.eu Domain Names: Licensees and Sunrise Judgment

July 18, 2012

The CJEU has given judgment in Case C-376/11 Pie Optiek SPRL v Bureau Gevers SA, European Registry for Internet Domains ASBL. Boradly speaking, it found that a person authorised solely to register a .eu domain name for the proprietor of a trade mark is not a ‘licensee of prior rights’. Licensees who may apply for registration of a trade mark as a .eu domain name during the ‘sunrise period’ do not include persons not authorised to use that trade mark commercially in a manner consistent with its functions.


Registration of .eu Top Level Domain names opened on 7 December 2005 and was carried out on a ‘first come first served’ basis. However, during the four-month ‘sunrise period’ only holders of prior rights and public bodies were eligible to apply. Moreover, a distinction was made between different holders of prior rights. Thus the first two months were reserved for holders of national and Community trade marks and geographical indications. However, the same preferential treatment was available to their licensees. According to the relevant legislation, EURid, the body responsible for registration, registers domain names requested by any undertaking established in a State of the EU.

The United States company Walsh Optical offers contact lenses and spectacle-related items for sale via its internet site. A few weeks before the start of the sunrise period, it had the Benelux trade mark ‘Lensworld’ registered. In addition it entered into a ‘License Agreement’ with Bureau Gevers, a Belgian intellectual property consultancy. According to that agreement, Bureau Gevers was to obtain a .eu domain name registration in its own name but on behalf of Walsh Optical. Accordingly, on 7 December 2005, the first day of the sunrise period, Bureau Gevers filed an application with EURid for registration of the domain name ‘lensworld.eu’ which, on 10 July 2006, was allocated to Bureau Gevers.

On 17 January 2006, the Belgian company Pie Optiek, which is active in the internet sale of contact lenses, spectacles and other optical products, also filed an application with EURid for the domain name ‘lensworld.eu’. Shortly beforehand, it had also applied for registration of the Benelux figurative mark containing the word sign ‘Lensworld’. However, EURid refused Pie Optiek’s application on the ground that Bureau Gevers’ application took precedence. Pie Optiek now claims that Bureau Gevers’ actions were speculative and abusive.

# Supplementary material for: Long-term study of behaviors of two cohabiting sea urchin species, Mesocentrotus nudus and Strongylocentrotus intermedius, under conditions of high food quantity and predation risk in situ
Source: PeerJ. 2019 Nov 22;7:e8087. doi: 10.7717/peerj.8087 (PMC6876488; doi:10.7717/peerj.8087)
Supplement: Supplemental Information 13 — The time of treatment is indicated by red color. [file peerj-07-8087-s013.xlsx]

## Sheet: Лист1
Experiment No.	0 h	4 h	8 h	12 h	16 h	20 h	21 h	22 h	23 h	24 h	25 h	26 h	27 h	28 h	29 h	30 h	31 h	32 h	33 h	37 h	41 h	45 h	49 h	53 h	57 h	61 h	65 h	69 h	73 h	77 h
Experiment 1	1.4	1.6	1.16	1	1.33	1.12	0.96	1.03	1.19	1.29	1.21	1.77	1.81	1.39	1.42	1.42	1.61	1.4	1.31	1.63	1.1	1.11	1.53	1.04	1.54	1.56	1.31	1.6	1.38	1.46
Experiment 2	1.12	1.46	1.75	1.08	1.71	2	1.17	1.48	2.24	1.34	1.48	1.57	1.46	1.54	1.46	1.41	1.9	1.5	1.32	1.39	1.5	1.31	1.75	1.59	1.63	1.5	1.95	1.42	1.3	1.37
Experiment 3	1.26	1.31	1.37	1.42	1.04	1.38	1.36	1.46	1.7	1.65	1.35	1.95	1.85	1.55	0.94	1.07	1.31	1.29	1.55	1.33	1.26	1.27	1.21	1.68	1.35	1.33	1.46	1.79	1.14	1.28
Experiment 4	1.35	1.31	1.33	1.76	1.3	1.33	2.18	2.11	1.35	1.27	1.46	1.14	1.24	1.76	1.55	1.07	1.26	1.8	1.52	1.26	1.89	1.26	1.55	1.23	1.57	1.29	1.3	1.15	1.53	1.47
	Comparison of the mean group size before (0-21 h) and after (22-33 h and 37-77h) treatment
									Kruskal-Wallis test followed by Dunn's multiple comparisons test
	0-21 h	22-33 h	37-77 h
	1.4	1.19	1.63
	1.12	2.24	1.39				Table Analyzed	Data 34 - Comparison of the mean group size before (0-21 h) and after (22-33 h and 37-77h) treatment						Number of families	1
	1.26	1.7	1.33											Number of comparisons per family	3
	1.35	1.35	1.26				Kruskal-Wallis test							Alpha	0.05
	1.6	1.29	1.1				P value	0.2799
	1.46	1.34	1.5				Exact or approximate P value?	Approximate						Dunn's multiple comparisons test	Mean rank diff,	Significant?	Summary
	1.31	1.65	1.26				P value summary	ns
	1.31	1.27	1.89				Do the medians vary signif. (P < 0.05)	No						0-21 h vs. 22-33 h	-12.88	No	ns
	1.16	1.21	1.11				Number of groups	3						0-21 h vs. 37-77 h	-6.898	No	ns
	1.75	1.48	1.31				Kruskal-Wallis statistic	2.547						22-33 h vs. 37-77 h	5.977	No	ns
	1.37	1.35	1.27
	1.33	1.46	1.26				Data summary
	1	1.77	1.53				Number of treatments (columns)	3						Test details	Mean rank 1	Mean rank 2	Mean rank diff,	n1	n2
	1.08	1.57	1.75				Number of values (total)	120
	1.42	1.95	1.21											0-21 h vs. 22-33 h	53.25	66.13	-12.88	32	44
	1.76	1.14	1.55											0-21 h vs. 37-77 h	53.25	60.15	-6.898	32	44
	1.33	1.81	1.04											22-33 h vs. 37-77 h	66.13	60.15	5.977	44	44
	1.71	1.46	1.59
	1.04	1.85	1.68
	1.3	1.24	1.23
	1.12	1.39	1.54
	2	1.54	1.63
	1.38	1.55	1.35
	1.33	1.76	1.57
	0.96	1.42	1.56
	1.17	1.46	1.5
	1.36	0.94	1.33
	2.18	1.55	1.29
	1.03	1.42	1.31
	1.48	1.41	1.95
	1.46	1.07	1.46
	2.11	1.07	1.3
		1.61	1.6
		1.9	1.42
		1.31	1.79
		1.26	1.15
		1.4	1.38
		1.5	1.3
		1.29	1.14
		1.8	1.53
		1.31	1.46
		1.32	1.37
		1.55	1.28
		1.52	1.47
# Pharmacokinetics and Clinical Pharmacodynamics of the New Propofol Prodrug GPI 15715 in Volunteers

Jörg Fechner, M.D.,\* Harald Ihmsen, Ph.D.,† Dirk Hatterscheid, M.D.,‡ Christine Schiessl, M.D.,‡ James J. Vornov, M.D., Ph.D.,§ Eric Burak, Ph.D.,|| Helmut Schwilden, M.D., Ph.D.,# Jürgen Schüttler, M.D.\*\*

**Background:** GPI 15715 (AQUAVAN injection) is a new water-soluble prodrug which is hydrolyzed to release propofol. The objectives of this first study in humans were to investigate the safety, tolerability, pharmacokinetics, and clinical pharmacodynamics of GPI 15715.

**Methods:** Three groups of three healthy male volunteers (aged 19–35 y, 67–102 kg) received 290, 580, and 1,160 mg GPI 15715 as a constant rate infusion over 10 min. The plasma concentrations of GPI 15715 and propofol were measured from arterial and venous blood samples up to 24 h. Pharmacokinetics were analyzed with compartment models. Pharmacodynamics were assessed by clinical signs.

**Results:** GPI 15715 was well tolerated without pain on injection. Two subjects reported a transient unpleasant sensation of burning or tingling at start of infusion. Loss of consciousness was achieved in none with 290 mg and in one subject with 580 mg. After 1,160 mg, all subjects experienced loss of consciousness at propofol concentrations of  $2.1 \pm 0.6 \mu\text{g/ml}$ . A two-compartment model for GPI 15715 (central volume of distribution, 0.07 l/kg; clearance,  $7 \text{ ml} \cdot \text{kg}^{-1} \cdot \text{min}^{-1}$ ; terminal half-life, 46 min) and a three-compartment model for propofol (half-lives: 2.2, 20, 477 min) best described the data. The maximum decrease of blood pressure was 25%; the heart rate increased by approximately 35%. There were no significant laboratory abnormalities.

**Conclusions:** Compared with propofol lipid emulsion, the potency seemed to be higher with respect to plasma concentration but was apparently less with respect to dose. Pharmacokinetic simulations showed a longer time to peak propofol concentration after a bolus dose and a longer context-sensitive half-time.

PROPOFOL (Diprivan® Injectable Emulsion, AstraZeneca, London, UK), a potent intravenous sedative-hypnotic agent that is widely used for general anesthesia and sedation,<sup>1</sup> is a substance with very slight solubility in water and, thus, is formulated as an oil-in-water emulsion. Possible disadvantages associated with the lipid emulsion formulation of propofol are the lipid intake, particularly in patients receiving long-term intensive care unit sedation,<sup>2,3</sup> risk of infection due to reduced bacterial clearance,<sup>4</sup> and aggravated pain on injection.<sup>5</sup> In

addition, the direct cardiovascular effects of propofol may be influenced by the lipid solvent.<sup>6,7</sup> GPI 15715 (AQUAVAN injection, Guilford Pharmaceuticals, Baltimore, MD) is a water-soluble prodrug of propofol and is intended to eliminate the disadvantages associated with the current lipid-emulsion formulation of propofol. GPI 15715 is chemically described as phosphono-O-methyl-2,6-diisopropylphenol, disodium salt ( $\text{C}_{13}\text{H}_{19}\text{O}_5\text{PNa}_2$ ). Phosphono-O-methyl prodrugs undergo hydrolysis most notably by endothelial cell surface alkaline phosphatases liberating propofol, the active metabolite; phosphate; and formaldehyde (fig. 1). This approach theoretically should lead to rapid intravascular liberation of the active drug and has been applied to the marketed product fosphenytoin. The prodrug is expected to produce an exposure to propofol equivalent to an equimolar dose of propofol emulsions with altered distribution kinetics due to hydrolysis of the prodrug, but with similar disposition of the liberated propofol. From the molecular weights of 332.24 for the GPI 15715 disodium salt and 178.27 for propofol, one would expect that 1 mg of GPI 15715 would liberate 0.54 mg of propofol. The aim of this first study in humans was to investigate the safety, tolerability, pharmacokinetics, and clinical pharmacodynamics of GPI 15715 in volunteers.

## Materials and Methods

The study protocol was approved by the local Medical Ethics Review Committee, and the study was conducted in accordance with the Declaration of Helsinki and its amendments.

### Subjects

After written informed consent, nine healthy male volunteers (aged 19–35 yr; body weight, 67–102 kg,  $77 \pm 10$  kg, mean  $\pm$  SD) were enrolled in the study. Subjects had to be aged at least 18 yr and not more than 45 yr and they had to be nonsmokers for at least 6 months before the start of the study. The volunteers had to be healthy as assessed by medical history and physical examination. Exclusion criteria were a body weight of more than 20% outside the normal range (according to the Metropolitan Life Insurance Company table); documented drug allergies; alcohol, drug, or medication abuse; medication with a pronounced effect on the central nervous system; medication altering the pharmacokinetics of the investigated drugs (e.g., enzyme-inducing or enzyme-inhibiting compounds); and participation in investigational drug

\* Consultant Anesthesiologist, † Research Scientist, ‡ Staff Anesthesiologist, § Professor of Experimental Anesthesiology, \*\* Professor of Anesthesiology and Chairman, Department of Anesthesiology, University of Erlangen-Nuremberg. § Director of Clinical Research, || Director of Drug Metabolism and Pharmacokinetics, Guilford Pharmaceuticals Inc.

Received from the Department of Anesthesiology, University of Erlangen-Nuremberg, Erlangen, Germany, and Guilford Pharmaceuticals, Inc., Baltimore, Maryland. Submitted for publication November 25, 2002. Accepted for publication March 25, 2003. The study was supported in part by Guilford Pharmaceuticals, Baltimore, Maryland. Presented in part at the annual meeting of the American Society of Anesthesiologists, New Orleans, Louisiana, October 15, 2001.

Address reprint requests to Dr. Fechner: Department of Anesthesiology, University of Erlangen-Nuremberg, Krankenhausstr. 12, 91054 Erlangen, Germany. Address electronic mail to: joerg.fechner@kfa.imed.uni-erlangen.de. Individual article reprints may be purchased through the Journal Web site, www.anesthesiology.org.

The cour d’appel de Bruxelles (Belgium), which is hearing the case on appeal, asked the Court of Justice to clarify the concept of an eligible ‘licensee’ during the first phase of the sunrise period.


First of all, the Court notes that the term ‘licensee’ is not defined under EU law. In that context, the Court observes that the .eu TLD was created with the aim of increasing the visibility of the internal market in the virtual market place based on the internet, by providing a clearly identified link with the EU, and by enabling undertakings, organisations and natural persons within the EU to register in a specific domain which will make this link obvious.

Only holders of prior rights having their registered office, central administration, principal place of business, or residence in the EU are eligible to have one or more domain names registered in the .eu domain during the sunrise period. Licensees of prior rights are eligible only if they satisfy the test of presence in the EU and if the prior right concerned is, at least partly and/or temporarily, available to them instead of to the holder.

It would be contrary to the objectives of the legislation for a holder of a prior right who does not satisfy the test of presence in the EU to be allowed to obtain a .eu domain name through a person who satisfies that presence test but to whom that right is not – even partly or temporarily – available.

Furthermore, the Court considers that a contract by which the contractual partner, described as ‘licensee’, undertakes, in return for remuneration, to use reasonable efforts to file an application and obtain the registration of a .eu domain name for the proprietor of a trade mark is more akin to a contract for services than to a licence agreement. That is all the more so if such a contract does not confer on that licensee any right to use that trade mark commercially.

It follows that such a contract cannot be regarded as a licence agreement in trade mark law. Consequently, a contractual partner tasked with registering a .eu domain name for the proprietor of the trade mark in question cannot be considered a ‘licensee of prior rights’ within the meaning of the applicable legislation.